A geometric construction of the quadratic mean and the Pythagorean means (of two numbers

*a* and

*b*). Harmonic mean denoted by

*H*, geometric by

*G*, arithmetic by

*A* and quadratic mean (also known as

root mean square) denoted by

*Q*.

Comparison of the arithmetic, geometric and harmonic means of a pair of numbers. The vertical dashed lines are

asymptotes for the harmonic means.

In mathematics, the three classical **Pythagorean means** are the arithmetic mean (*AM*), the geometric mean (*GM*), and the harmonic mean (*HM*). These means were studied with proportions by Pythagoreans and later generations of Greek mathematicians^{[1]} because of their importance in geometry and music.

## Definition

They are defined by:

- ${\begin{aligned}\operatorname {AM} \left(x_{1},\;\ldots ,\;x_{n}\right)&={\frac {1}{n}}\left(x_{1}+\;\cdots \;+x_{n}\right)\\[9pt]\operatorname {GM} \left(x_{1},\;\ldots ,\;x_{n}\right)&={\sqrt[{n}]{\left\vert x_{1}\times \,\cdots \,\times x_{n}\right\vert }}\\[9pt]\operatorname {HM} \left(x_{1},\;\ldots ,\;x_{n}\right)&={\frac {n} {\frac {1}{x_{1}}}+\;\cdots \;+{\frac {1}{x_{n}}}}}\end{aligned}}$

## Properties

Each mean, ${\textstyle \operatorname {M} }$, has the following properties:

- Value preservation
- $\operatorname {M} (x,x,\,\ldots ,\,x)=x$
- First order homogeneity
- $\operatorname {M} (bx_{1},\,\ldots ,\,bx_{n})=b\operatorname {M} (x_{1},\,\ldots ,\,x_{n})$
- Invariance under exchange
- $\operatorname {M} (\ldots ,\,x_{i},\,\ldots ,\,x_{j},\,\ldots )=\operatorname {M} (\ldots ,\,x_{j},\,\ldots ,\,x_{i},\,\ldots )$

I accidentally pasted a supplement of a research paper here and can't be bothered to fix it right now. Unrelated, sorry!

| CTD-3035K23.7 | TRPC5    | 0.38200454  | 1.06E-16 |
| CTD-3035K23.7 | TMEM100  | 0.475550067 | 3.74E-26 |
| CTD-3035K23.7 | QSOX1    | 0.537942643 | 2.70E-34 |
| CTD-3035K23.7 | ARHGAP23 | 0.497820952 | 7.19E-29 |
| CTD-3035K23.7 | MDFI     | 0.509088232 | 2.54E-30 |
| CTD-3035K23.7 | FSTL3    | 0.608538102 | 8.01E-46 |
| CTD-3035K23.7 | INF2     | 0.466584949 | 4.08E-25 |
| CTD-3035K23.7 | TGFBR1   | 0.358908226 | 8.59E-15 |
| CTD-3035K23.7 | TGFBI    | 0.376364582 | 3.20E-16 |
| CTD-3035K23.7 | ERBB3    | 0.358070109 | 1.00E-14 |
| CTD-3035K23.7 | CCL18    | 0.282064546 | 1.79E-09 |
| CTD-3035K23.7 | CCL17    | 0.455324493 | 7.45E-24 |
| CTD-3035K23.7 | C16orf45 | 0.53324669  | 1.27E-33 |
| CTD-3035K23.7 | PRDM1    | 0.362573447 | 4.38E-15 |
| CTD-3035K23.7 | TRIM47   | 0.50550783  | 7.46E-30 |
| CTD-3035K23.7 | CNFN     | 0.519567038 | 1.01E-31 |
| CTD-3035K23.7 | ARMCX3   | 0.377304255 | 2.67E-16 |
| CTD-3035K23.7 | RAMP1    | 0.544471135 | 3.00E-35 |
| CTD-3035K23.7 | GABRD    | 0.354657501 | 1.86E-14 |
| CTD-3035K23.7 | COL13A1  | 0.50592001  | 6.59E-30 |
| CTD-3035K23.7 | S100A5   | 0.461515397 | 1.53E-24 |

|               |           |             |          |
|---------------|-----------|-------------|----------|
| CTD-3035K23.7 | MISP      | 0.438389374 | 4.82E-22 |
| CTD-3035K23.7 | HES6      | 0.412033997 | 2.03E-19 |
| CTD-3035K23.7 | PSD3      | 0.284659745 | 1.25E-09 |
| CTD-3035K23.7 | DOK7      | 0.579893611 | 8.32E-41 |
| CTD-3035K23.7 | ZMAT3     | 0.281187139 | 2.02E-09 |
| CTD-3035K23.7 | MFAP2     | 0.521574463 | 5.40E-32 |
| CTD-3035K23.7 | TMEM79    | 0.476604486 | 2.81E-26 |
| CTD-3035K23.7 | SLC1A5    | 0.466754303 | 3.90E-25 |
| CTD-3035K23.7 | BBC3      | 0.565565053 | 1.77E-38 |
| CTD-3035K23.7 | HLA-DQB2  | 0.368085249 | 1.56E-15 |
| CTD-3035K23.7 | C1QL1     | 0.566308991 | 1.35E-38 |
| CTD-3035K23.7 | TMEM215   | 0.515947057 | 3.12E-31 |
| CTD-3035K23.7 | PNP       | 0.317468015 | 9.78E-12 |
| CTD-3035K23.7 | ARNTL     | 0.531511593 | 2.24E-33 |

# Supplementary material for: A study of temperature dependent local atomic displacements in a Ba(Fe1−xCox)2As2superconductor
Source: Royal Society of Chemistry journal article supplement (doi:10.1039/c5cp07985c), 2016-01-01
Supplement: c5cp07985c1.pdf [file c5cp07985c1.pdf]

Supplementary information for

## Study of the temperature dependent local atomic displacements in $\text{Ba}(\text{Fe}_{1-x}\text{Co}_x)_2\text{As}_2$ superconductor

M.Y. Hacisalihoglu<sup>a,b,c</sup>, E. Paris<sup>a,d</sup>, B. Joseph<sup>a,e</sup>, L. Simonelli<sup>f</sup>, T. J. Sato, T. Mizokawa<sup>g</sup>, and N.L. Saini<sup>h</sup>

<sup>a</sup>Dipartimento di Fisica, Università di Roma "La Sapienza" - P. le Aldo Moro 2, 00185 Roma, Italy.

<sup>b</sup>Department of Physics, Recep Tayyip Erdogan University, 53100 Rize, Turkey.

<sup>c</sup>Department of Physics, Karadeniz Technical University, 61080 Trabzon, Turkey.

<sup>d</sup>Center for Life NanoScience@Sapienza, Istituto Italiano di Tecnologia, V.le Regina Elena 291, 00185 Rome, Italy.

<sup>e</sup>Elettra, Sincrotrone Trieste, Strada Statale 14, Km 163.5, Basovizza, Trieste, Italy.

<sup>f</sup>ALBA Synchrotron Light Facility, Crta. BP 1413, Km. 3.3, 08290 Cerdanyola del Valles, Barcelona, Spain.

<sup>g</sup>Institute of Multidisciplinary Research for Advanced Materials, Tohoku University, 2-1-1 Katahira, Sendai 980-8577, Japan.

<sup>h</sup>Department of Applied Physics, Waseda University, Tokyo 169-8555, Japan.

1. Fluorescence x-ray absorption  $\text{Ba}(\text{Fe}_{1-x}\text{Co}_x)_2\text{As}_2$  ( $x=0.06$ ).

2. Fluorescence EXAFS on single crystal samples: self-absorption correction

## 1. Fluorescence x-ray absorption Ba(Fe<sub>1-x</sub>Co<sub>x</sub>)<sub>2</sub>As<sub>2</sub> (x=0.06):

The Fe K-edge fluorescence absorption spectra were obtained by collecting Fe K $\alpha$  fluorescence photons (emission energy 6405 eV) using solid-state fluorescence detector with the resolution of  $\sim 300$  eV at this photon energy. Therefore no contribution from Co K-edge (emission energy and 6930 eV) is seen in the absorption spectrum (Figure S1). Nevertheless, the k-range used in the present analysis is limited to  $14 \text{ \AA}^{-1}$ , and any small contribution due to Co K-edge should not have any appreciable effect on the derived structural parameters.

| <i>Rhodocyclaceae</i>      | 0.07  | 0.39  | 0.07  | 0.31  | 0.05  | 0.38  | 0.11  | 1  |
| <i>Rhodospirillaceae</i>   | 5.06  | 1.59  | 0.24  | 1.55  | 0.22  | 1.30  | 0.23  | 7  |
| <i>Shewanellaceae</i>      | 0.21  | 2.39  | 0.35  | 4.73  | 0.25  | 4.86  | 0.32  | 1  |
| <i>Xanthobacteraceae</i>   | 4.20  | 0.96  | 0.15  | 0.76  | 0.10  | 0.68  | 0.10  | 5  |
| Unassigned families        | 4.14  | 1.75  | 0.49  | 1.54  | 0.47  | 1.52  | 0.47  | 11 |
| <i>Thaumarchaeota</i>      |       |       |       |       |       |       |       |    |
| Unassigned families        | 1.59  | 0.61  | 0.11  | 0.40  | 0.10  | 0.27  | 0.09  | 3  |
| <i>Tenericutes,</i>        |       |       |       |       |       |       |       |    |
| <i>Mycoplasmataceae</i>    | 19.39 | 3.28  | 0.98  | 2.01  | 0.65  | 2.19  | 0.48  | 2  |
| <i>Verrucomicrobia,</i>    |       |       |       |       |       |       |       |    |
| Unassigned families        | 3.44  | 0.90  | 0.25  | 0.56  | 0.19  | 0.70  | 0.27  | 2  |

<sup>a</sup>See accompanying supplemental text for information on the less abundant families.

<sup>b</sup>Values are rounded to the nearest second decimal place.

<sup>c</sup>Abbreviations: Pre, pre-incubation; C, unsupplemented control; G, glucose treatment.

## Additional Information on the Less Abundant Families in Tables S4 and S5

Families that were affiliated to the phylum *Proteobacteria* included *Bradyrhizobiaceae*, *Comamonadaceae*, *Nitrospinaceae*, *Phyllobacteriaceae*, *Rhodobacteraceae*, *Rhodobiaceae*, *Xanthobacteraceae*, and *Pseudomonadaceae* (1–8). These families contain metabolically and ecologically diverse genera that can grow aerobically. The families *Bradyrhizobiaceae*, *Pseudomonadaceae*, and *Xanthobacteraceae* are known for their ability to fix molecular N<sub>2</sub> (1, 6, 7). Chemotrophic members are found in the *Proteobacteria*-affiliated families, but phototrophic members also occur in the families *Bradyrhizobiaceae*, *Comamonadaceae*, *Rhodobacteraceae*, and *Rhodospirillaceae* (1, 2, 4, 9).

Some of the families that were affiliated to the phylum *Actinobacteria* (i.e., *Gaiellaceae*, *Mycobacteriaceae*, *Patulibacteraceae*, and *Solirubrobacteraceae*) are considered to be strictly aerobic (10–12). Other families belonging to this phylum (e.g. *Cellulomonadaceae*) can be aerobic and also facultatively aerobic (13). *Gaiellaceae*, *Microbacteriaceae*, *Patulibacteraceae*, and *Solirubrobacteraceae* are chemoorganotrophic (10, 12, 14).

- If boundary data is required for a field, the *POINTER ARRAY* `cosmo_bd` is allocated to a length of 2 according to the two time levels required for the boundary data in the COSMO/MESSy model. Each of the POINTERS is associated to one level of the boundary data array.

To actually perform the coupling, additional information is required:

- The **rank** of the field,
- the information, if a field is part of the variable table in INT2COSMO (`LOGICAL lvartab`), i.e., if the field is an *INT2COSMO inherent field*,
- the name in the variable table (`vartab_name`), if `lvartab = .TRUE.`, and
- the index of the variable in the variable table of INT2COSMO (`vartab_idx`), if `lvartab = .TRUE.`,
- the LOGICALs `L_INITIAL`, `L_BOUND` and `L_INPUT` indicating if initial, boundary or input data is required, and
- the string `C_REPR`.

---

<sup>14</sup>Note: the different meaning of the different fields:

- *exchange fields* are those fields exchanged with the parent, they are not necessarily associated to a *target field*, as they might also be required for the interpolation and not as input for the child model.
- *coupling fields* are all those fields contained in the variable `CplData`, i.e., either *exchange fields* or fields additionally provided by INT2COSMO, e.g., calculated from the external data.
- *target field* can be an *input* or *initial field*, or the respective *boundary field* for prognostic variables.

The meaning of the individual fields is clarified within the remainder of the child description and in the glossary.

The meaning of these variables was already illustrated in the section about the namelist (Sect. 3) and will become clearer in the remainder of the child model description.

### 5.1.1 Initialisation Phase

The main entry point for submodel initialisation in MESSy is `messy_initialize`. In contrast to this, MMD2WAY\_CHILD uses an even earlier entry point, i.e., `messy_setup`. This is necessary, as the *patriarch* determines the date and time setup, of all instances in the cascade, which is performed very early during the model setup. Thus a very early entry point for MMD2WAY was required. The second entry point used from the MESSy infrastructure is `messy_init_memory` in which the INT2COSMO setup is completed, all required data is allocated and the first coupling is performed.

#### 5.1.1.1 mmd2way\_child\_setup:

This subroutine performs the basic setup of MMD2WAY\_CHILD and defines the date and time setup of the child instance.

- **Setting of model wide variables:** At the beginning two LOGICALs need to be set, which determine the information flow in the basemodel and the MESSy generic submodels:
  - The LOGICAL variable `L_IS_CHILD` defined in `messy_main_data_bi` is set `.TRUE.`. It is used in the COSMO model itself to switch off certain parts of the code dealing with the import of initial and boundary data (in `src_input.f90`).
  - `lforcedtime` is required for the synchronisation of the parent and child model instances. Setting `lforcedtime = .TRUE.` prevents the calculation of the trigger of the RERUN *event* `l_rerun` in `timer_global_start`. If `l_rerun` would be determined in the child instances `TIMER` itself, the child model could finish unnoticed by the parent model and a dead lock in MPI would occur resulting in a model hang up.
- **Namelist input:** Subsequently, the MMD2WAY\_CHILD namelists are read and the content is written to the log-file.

- for any $i$ and $j$.
- Averaging
- $\min(x_{1},\,\ldots ,\,x_{n})\leq \operatorname {M} (x_{1},\,\ldots ,\,x_{n})\leq \max(x_{1},\,\ldots ,\,x_{n})$

The harmonic and arithmetic means are reciprocal duals of each other for positive arguments:

- $\operatorname {HM} \left({\frac {1}{x_{1}}},\,\ldots ,\,{\frac {1}{x_{n}}}\right)={\frac {1}{\operatorname {AM} \left(x_{1},\,\ldots ,\,x_{n}\right)}}$

while the geometric mean is its own reciprocal dual:

- $\operatorname {GM} \left({\frac {1}{x_{1}}},\,\ldots ,\,{\frac {1}{x_{n}}}\right)={\frac {1}{\operatorname {GM} \left(x_{1},\,\ldots ,\,x_{n}\right)}}$

## Inequalities among means

There is an ordering to these means (if all of the $x_{i}$ are positive)

- $\min \leq \operatorname {HM} \leq \operatorname {GM} \leq \operatorname {AM} \leq \max$

with equality holding if and only if the $x_{i}$ are all equal.

This is a generalization of the inequality of arithmetic and geometric means and a special case of an inequality for generalized means. The proof follows from the arithmetic-geometric mean inequality, $\operatorname {AM} \leq \max$, and reciprocal duality ($\min$ and $\max$ are also reciprocal dual to each other).

The study of the Pythagorean means is closely related to the study of majorization and Schur-convex functions. The harmonic and geometric means are concave symmetric functions of their arguments, and hence Schur-concave, while the arithmetic mean is a linear function of its arguments, so both concave and convex.

## See also

## References

**^** Heath, Thomas. *History of Ancient Greek Mathematics*.

## External links